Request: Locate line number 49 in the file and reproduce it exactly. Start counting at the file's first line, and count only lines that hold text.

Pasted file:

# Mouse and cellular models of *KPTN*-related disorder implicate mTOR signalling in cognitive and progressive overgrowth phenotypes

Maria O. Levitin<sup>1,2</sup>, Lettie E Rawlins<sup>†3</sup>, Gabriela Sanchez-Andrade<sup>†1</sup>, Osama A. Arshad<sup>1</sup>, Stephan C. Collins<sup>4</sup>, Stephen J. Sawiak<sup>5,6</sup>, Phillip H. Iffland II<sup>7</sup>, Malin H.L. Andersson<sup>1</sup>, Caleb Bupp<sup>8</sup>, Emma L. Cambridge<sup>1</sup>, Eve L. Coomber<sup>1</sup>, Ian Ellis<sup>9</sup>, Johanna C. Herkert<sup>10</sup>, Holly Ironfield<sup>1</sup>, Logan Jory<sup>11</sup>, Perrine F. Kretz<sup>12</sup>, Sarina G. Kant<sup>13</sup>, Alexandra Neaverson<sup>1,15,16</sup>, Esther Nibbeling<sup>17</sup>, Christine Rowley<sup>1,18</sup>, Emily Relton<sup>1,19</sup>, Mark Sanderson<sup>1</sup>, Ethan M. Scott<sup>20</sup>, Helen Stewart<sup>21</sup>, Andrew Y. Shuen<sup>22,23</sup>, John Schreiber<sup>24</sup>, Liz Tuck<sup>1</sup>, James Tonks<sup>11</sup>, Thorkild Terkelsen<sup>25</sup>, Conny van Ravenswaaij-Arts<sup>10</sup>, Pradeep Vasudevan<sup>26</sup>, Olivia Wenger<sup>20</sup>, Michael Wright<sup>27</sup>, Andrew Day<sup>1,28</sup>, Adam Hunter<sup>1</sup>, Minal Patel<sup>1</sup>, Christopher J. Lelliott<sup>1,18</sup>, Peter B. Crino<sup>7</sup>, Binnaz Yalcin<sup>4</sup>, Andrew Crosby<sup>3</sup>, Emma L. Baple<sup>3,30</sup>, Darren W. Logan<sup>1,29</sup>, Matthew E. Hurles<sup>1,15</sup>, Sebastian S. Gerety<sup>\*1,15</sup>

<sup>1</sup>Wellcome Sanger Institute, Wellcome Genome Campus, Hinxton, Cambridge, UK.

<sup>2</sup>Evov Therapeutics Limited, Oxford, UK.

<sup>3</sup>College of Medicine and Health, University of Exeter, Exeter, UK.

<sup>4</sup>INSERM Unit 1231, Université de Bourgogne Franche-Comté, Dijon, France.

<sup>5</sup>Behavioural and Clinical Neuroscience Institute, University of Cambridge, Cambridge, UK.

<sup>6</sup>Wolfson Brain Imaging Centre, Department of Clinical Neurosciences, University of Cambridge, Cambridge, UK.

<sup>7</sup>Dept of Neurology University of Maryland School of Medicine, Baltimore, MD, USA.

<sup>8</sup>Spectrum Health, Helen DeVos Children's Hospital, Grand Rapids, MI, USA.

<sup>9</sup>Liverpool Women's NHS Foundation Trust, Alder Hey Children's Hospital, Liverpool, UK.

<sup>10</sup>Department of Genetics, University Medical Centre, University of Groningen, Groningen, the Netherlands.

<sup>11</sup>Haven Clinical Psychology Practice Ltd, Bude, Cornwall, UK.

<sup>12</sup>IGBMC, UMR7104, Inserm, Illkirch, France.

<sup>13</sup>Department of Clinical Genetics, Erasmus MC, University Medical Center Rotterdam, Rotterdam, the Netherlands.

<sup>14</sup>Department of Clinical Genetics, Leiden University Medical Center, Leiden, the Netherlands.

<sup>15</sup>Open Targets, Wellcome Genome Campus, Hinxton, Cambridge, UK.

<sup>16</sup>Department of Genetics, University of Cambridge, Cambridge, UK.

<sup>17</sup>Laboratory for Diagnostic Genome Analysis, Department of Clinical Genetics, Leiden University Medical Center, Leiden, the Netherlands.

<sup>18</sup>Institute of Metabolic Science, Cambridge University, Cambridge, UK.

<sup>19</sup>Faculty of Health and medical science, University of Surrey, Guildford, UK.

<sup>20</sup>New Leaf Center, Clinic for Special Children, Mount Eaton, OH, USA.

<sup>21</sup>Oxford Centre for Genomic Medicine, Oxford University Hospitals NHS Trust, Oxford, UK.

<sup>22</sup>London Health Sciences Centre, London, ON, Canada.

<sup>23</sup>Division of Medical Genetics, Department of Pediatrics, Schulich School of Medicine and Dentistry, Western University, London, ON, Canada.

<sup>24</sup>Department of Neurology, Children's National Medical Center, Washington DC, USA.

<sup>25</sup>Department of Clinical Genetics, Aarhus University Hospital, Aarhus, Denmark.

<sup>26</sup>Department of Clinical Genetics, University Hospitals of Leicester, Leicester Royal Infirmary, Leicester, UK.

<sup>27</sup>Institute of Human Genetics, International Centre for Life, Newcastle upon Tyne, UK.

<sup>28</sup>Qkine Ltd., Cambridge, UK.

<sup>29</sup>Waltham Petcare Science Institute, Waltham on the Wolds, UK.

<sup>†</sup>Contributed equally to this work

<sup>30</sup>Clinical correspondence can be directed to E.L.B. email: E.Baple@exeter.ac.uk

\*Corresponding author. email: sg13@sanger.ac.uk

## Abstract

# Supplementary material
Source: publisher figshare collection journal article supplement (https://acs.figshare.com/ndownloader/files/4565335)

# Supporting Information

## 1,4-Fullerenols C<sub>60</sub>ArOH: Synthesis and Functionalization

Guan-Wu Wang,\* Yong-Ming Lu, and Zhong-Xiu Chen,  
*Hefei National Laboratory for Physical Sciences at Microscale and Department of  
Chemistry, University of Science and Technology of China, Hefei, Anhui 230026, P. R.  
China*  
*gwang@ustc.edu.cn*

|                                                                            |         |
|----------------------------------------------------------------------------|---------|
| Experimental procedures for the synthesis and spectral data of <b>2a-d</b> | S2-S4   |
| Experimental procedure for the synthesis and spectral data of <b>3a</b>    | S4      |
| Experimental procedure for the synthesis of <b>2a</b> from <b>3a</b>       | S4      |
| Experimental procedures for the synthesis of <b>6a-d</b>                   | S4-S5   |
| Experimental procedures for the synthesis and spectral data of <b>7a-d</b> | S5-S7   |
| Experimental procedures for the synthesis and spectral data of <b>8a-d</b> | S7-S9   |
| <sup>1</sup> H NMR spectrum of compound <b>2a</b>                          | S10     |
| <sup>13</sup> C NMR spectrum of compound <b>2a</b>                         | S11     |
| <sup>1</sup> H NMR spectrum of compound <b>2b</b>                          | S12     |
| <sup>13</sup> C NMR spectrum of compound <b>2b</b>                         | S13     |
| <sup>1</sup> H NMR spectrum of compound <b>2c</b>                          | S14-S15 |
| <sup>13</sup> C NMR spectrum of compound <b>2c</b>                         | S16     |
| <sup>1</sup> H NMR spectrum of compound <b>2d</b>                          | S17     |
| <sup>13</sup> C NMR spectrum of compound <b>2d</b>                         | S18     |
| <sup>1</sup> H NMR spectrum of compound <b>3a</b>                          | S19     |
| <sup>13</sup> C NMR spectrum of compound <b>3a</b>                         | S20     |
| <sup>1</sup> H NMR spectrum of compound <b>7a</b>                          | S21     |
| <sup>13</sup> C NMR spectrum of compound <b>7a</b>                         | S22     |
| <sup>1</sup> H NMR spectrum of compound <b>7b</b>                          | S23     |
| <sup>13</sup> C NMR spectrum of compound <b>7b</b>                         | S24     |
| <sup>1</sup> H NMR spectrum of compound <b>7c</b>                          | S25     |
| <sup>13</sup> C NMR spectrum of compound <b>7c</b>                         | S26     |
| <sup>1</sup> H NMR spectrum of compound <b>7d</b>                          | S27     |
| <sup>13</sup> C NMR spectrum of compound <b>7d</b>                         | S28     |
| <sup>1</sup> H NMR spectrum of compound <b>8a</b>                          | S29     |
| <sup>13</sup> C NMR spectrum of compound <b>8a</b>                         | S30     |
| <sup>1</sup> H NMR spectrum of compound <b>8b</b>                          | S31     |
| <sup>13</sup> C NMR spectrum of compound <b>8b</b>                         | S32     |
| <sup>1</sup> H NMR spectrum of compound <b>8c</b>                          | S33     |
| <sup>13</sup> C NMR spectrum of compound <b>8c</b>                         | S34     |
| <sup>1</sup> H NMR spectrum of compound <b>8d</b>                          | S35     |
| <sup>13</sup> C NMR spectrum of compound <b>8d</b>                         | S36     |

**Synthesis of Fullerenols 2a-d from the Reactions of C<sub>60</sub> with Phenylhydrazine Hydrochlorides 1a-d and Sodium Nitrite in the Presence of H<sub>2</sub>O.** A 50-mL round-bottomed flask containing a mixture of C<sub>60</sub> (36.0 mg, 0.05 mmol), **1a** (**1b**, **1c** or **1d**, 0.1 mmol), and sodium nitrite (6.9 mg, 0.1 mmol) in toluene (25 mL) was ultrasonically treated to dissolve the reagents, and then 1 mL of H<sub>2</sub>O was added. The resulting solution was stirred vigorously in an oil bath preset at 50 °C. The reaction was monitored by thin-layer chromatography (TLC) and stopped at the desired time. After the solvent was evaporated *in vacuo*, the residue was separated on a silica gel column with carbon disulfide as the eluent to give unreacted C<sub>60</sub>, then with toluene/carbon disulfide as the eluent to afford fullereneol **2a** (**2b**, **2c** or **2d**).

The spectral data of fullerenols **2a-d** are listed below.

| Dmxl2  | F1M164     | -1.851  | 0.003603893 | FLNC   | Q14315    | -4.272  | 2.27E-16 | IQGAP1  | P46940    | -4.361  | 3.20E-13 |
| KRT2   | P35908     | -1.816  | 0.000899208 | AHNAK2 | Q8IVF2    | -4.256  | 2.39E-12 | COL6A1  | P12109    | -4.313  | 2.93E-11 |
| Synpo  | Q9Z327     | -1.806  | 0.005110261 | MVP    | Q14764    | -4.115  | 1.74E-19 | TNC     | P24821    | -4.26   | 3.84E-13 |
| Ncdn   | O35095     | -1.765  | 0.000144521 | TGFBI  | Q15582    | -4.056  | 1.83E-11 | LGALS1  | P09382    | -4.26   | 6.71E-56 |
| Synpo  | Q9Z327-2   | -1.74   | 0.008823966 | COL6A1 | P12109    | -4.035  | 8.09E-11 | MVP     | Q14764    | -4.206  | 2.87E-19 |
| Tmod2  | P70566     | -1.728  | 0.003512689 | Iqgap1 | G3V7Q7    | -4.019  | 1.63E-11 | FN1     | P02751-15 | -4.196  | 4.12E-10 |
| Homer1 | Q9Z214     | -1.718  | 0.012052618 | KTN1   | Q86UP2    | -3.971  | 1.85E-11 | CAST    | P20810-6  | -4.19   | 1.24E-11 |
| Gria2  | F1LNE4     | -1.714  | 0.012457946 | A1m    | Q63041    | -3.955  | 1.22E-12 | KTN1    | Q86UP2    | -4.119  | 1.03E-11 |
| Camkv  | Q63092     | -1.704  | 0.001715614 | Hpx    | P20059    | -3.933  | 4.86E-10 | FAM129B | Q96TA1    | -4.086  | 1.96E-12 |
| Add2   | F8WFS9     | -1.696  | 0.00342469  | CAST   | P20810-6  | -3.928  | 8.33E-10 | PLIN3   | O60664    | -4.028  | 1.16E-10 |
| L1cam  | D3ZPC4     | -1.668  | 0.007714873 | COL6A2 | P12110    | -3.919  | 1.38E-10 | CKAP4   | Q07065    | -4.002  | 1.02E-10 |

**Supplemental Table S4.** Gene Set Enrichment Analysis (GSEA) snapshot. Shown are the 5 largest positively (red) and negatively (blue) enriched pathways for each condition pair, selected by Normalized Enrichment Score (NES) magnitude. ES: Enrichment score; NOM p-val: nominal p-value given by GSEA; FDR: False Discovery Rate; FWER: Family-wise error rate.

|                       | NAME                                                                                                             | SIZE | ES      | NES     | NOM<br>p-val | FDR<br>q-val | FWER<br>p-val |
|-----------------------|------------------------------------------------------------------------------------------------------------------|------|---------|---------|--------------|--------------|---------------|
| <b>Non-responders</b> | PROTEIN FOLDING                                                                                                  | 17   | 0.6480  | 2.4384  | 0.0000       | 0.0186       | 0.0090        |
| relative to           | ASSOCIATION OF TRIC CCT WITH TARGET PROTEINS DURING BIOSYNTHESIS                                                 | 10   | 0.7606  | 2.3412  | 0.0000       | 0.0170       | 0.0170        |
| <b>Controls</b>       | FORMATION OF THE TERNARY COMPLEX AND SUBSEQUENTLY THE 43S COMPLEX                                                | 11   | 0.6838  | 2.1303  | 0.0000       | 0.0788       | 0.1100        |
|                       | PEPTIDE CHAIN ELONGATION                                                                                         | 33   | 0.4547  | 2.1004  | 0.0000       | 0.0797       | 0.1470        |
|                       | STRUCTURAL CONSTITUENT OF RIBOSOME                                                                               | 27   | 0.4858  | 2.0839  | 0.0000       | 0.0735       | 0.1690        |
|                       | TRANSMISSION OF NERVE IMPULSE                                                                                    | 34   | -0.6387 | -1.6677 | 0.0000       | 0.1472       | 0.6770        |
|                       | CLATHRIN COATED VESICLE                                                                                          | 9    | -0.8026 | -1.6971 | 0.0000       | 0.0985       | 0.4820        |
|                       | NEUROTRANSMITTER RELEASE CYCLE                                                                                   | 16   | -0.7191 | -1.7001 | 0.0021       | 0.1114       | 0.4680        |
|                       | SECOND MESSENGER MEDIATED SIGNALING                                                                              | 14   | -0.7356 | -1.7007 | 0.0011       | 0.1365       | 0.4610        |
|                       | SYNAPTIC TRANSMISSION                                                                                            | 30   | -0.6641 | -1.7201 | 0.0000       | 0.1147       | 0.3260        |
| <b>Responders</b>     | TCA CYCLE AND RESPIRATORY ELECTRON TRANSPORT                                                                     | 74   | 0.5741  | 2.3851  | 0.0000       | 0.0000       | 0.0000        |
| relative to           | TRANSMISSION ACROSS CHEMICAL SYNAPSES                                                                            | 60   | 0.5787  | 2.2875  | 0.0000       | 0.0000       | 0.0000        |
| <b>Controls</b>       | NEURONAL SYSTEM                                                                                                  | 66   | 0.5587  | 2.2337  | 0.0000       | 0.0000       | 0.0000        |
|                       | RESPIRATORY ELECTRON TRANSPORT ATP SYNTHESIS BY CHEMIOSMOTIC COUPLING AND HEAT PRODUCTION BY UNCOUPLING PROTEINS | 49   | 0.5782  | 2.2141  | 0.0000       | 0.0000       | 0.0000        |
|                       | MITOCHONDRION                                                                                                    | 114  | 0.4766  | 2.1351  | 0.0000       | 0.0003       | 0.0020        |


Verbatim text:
| Experimental procedure for the synthesis of <b>2a</b> from <b>3a</b>       | S4      |